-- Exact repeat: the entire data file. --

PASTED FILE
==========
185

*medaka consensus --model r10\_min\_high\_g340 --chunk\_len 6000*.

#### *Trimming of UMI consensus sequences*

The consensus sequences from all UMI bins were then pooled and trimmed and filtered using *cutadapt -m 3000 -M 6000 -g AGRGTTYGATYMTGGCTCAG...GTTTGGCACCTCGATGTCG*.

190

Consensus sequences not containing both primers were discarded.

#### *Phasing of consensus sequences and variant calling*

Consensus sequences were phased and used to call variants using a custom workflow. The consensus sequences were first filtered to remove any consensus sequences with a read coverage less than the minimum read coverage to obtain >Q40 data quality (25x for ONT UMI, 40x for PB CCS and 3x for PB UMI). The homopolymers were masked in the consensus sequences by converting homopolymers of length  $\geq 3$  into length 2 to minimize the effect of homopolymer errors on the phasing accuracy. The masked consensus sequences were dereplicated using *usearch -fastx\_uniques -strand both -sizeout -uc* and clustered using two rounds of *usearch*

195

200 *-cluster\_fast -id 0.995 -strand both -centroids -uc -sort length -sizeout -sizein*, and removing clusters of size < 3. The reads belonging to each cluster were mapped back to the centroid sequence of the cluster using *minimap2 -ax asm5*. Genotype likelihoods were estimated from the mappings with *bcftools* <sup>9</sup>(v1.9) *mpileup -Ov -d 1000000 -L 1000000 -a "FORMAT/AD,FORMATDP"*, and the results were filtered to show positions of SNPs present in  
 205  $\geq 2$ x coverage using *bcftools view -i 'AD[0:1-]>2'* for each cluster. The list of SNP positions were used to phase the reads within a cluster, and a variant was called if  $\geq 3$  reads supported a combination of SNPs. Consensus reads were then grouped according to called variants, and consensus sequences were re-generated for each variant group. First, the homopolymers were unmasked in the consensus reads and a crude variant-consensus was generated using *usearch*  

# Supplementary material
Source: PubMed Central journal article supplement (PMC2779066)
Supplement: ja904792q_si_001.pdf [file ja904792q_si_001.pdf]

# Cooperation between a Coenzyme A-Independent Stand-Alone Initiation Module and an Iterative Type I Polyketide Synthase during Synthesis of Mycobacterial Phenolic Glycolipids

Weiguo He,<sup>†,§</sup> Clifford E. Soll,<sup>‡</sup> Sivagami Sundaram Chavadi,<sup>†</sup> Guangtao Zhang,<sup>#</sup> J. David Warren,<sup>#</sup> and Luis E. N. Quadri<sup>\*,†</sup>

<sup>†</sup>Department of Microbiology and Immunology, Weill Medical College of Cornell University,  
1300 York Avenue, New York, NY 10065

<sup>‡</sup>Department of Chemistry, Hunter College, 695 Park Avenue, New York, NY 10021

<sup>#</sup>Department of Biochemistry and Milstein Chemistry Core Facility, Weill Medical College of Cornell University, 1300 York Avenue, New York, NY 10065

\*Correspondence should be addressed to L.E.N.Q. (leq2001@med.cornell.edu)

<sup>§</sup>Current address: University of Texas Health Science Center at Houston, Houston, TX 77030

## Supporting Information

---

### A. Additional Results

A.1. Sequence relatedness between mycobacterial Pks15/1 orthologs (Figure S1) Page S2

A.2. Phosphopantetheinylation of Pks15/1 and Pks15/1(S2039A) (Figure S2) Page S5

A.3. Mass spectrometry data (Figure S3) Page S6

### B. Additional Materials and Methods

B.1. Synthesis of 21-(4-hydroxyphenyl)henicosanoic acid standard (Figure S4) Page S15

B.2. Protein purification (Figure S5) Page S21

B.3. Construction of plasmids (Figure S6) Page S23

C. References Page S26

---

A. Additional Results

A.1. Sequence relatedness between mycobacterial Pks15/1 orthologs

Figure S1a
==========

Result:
185

*medaka consensus --model r10\_min\_high\_g340 --chunk\_len 6000*.

#### *Trimming of UMI consensus sequences*

The consensus sequences from all UMI bins were then pooled and trimmed and filtered using *cutadapt -m 3000 -M 6000 -g AGRGTTYGATYMTGGCTCAG...GTTTGGCACCTCGATGTCG*.

190

Consensus sequences not containing both primers were discarded.

#### *Phasing of consensus sequences and variant calling*

Consensus sequences were phased and used to call variants using a custom workflow. The consensus sequences were first filtered to remove any consensus sequences with a read coverage less than the minimum read coverage to obtain >Q40 data quality (25x for ONT UMI, 40x for PB CCS and 3x for PB UMI). The homopolymers were masked in the consensus sequences by converting homopolymers of length  $\geq 3$  into length 2 to minimize the effect of homopolymer errors on the phasing accuracy. The masked consensus sequences were dereplicated using *usearch -fastx\_uniques -strand both -sizeout -uc* and clustered using two rounds of *usearch*

195

200 *-cluster\_fast -id 0.995 -strand both -centroids -uc -sort length -sizeout -sizein*, and removing clusters of size < 3. The reads belonging to each cluster were mapped back to the centroid sequence of the cluster using *minimap2 -ax asm5*. Genotype likelihoods were estimated from the mappings with *bcftools* <sup>9</sup>(v1.9) *mpileup -Ov -d 1000000 -L 1000000 -a "FORMAT/AD,FORMATDP"*, and the results were filtered to show positions of SNPs present in  
 205  $\geq 2$ x coverage using *bcftools view -i 'AD[0:1-]>2'* for each cluster. The list of SNP positions were used to phase the reads within a cluster, and a variant was called if  $\geq 3$  reads supported a combination of SNPs. Consensus reads were then grouped according to called variants, and consensus sequences were re-generated for each variant group. First, the homopolymers were unmasked in the consensus reads and a crude variant-consensus was generated using *usearch*  

# Supplementary material
Source: PubMed Central journal article supplement (PMC2779066)
Supplement: ja904792q_si_001.pdf [file ja904792q_si_001.pdf]

# Cooperation between a Coenzyme A-Independent Stand-Alone Initiation Module and an Iterative Type I Polyketide Synthase during Synthesis of Mycobacterial Phenolic Glycolipids

Weiguo He,<sup>†,§</sup> Clifford E. Soll,<sup>‡</sup> Sivagami Sundaram Chavadi,<sup>†</sup> Guangtao Zhang,<sup>#</sup> J. David Warren,<sup>#</sup> and Luis E. N. Quadri<sup>\*,†</sup>

<sup>†</sup>Department of Microbiology and Immunology, Weill Medical College of Cornell University,  
1300 York Avenue, New York, NY 10065

<sup>‡</sup>Department of Chemistry, Hunter College, 695 Park Avenue, New York, NY 10021

<sup>#</sup>Department of Biochemistry and Milstein Chemistry Core Facility, Weill Medical College of Cornell University, 1300 York Avenue, New York, NY 10065

\*Correspondence should be addressed to L.E.N.Q. (leq2001@med.cornell.edu)

<sup>§</sup>Current address: University of Texas Health Science Center at Houston, Houston, TX 77030

## Supporting Information

---

### A. Additional Results

A.1. Sequence relatedness between mycobacterial Pks15/1 orthologs (Figure S1) Page S2

A.2. Phosphopantetheinylation of Pks15/1 and Pks15/1(S2039A) (Figure S2) Page S5

A.3. Mass spectrometry data (Figure S3) Page S6

### B. Additional Materials and Methods

B.1. Synthesis of 21-(4-hydroxyphenyl)henicosanoic acid standard (Figure S4) Page S15

B.2. Protein purification (Figure S5) Page S21

B.3. Construction of plasmids (Figure S6) Page S23

C. References Page S26

---

A. Additional Results

A.1. Sequence relatedness between mycobacterial Pks15/1 orthologs

Figure S1a